In closing, I struggle both as an individual Christian and as a Christian publisher to know how best to address all this. On one level, one wants to denounce the deceptions, subversions, and betrayals directly, and I’m sure that’s a necessary part of the picture. But to the extent that we are trying to reach hearers or readers who are not formed in the practice of repentance, in a coherent and comprehensive pattern of teaching, or in the manifold prophetic challenges posed by scripture, we run into a brick wall when directly addressing these Christians with a word of reproof.
They simply won’t have it, and in my experience, often reject it angrily. Sometimes that’s because of the manner of our criticism. But you don’t even have to reprove them or denounce their political idols directly to invoke their ire. Many pastors over the past several years have seen their mere failure to evince enthusiasm for Christian nationalism, dominionism, and fundamentalism provoke the departure of a fourth or a third of their congregation.
People who refuse to take heed to themselves and accept instruction prefer to accuse and bully others. And the bullying – power plays and dirty tricks by politicized conservative Evangelicals in ecclesial councils at various levels – is picking up. Pastors tell me about it. So do friends in Christian institutions like seminaries and universities.
For many observers of Evangelicalism (including myself), Trump is the elephant in the room, the last straw, the catalyst for the church’s implosion. But Trump didn’t invent the world, the flesh, and the devil. He and his most notorious acolytes have not even been the first to set them up in the churches and other Evangelical institutions and suggest bowing the knee to them in those sacred spaces. But they have done it more brazenly and more successfully.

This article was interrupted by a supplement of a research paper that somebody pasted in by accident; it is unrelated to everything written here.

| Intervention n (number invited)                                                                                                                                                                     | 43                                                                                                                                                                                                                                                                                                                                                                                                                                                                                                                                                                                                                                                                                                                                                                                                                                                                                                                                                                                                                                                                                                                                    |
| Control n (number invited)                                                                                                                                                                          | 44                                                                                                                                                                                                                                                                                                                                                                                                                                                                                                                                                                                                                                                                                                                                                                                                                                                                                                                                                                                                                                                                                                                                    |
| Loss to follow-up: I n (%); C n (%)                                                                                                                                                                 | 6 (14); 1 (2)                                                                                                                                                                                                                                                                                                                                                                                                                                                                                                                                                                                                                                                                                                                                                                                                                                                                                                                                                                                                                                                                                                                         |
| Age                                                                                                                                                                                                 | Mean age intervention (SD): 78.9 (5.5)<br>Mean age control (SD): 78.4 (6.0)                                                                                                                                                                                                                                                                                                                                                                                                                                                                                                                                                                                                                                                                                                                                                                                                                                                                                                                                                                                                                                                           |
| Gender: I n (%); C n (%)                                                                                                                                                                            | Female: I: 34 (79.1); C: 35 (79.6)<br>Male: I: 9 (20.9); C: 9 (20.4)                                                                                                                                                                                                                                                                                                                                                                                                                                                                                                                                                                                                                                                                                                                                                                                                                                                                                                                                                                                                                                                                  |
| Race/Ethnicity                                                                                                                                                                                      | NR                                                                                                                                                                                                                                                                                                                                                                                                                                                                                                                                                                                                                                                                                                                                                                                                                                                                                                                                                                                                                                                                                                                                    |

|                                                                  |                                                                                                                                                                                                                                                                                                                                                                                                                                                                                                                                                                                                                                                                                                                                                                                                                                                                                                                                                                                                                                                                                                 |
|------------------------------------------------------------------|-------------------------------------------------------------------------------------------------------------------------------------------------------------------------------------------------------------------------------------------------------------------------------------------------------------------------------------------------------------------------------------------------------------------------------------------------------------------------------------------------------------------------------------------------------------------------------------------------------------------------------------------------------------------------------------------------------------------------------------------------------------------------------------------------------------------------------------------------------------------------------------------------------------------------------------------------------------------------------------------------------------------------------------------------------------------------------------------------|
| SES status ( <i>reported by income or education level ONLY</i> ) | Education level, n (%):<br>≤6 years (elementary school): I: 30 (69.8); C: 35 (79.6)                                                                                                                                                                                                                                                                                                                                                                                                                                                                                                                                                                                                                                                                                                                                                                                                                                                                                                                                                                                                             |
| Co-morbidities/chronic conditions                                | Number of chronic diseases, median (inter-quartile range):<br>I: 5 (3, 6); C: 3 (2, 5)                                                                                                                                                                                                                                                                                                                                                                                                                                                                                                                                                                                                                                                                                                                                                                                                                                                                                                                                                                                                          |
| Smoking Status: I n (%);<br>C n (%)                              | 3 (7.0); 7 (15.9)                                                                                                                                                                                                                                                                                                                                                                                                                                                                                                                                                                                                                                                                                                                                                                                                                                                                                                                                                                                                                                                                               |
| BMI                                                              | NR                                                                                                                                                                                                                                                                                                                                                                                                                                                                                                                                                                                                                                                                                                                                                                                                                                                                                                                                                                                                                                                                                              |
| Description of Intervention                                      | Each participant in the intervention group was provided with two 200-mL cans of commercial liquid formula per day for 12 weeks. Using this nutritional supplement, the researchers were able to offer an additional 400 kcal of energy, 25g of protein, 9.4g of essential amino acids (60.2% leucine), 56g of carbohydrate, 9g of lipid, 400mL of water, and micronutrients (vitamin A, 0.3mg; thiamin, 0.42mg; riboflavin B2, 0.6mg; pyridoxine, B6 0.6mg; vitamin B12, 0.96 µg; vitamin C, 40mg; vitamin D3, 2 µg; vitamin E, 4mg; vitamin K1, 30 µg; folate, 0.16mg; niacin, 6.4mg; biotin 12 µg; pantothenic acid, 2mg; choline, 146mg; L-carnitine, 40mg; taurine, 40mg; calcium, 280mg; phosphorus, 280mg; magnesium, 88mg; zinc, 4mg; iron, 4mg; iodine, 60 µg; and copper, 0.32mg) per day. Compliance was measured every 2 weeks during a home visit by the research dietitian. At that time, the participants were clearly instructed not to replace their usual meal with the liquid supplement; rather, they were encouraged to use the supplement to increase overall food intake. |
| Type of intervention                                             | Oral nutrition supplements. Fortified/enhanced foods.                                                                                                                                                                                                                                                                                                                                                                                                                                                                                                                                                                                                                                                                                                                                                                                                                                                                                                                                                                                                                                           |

The response cannot be to yell at the proponents of bullying in a voice that will feel to them like counter-bullying. Name-calling won’t help either. Railing against Trump and his leading cronies can be a response, and it may bolster Christians who already perceive the problem, which may be worth doing; but steadfast Trump supporters will be unfazed. They relish criticism – the harsher the better! The people we identify as false prophets or malformed disciples will not be helped by our blaming but confirmed in their low opinion of us. Anyway, it is unseemly and unwise to point fingers so confidently. We all have our deformities and must constantly take heed to ourselves.
The larger solution, if there is one, must involve finding, heeding, and amplifying the wise voices in the Evangelical world (Pete Wehner and David French are two examples) that can communicate the loving grace of God in a way that will lead to reformation of life from the inside out. Evangelicals see themselves as being serious about God, the Bible, doctrine, and prayer. That requires having a teachable spirit, and pastors who know how and what to teach. If liberated from captivity to worldly political ideology, Evangelicals may find their way back to their first love—and make a positive difference in the world.
James Ernest is vice president and editor-in-chief of Wm. B. Eerdmans Publishing Co. in Grand Rapids, Michigan. He graduated from an evangelical college and an evangelical theological seminary before earning graduate degrees in classical studies and historical theology from non-evangelical universities and going on to pursue a career in religious book publishing.